Herewith a brief issue, as pandemic news has been thin over a holiday weekend. No news briefs today but of course there’s a frippery.
WHO tackles naming the variants
The designations given to the viral variants are not friendly; the nomenclature systems were never intended for popular use. We make do with locutions such as “B.1.351, the variant first isolated in South Africa.”
WHO nomenclature for
Variants of Concern
|old name||first isolated in||new name|
A committee of the World Health Organization has been meeting for several months to try to come up with something better. They have settled on Greek letters — the table shows the names they would like us to use for the most worrisome viral versions, the ones designated Variants of Concern.
I do not have high hopes for this exercise. It is eerily reminiscent of the classic XKCD cartoon delineating what happens when someone tries to create a standard that supersedes all existing standards. Personally, I expect that hereafter we will all be saying things like “the Alpha variant (formerly known as B.1.1.7, first identified in Great Britain).”
For the record, the WHO link above also has Greek letter names for six Variants of Interest as well.
J&J reported ready to restart Emergent plant
The Wall Street Journal reported that Emergent’s troubled Baltimore plant has mostly completed the work of cleaning up its quality and cleanliness problems and could be certified for vaccine production as early as this week. If like me you don’t subscribe to the WSJ you will get only a paragraph at the above link; here is Fierce Pharma’s coverage.
When the plant is certified, work could resume on completing 60 million unfinished doses of Johnson & Johnson’s vaccine; it could be months before they are ready for distribution. This is in addition to the 60 million doses of AstraZeneca vaccine at the plant that could go towards President Biden’s pledge to provide 80 million doses this year for other countries.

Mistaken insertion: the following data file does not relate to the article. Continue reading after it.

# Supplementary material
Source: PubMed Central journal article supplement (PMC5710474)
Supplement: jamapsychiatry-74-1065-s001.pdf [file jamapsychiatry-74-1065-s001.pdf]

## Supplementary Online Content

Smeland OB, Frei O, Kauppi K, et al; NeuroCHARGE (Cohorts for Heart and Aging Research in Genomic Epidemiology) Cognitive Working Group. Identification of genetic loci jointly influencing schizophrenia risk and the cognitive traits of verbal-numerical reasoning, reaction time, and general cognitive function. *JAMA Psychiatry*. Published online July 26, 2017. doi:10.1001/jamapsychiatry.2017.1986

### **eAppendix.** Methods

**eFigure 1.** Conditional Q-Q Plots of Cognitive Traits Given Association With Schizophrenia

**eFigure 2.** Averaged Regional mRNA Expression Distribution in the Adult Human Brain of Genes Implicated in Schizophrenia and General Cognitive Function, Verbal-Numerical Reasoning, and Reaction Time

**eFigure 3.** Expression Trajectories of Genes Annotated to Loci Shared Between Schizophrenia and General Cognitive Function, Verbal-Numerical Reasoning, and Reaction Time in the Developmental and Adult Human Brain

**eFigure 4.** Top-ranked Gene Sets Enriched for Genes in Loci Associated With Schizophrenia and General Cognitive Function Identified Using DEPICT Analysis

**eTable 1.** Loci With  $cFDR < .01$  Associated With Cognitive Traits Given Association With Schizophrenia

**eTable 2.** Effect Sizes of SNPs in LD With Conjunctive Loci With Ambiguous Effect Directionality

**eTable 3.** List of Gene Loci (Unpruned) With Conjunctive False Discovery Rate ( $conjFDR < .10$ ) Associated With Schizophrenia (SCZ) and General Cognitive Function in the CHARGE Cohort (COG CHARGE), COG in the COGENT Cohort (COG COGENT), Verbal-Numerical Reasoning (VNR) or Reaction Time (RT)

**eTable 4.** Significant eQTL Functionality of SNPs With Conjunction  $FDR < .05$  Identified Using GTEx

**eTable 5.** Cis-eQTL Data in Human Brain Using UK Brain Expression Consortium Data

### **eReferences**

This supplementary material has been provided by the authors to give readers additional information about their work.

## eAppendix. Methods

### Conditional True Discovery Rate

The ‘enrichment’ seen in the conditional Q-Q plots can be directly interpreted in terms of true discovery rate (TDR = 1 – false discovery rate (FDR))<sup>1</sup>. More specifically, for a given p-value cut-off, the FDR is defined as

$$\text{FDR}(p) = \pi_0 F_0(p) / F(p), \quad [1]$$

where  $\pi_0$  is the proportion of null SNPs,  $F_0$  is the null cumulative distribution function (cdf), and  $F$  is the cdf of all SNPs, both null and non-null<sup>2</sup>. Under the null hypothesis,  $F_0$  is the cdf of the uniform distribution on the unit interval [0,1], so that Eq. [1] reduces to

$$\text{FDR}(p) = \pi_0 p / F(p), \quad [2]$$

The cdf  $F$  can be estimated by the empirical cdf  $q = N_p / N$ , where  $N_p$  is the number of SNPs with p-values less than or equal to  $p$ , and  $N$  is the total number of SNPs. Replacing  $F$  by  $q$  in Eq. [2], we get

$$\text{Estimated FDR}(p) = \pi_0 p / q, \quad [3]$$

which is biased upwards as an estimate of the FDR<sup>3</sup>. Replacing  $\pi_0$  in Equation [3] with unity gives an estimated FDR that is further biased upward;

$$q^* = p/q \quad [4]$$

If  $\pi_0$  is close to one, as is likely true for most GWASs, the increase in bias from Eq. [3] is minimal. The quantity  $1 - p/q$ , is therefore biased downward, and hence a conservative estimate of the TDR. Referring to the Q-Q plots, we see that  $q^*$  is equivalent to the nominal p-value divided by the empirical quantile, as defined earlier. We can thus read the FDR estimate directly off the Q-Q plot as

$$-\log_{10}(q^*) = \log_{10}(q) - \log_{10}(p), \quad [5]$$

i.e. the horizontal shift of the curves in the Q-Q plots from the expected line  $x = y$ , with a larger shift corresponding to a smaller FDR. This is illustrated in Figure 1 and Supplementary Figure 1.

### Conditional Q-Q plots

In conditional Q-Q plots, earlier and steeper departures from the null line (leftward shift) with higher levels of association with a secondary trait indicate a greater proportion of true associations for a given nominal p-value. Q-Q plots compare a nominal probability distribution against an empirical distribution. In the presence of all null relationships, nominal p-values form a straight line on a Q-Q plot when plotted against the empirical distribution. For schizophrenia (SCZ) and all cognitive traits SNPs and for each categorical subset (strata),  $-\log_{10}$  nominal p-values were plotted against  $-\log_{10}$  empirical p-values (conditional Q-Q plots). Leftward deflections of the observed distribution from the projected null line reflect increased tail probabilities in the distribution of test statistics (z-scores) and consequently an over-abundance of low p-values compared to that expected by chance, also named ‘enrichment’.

Frippery: Fool the eye
My goal with the fripperies is 20 minutes: If I can distract one person for 20 minutes from the trials of life and pandemic… well, I’ll take 20 people for a minute each.
The 143 optical illusions catalogued on this page should be good for 20 minutes, easy. Michael Bach explains each one in layman’s terms but with science behind the explanation.
He does not like the term “optical illusion,” by the way. Bach is simply helping us to understand the ways our sensory apparatus is wired to operate.
As a bonus, here is a paper Bach published in 2014 on the ever-changing technology he has had to engage with over the “143” page’s first 15 years on the Internet. To read it you will probably need an academic library affiliation, unless you write to Bach directly and request a PDF, which he encourages.
[ Note added 2021-06-01: ] The Washington Post wrote up the WHO’s new naming scheme with an emphasis on its intention to reduce the stigma that can result from naming disease elements after particular places. Long after the WHO committee had been working on new names, the government of India requested that people stop calling B.1.617 the Indian variant.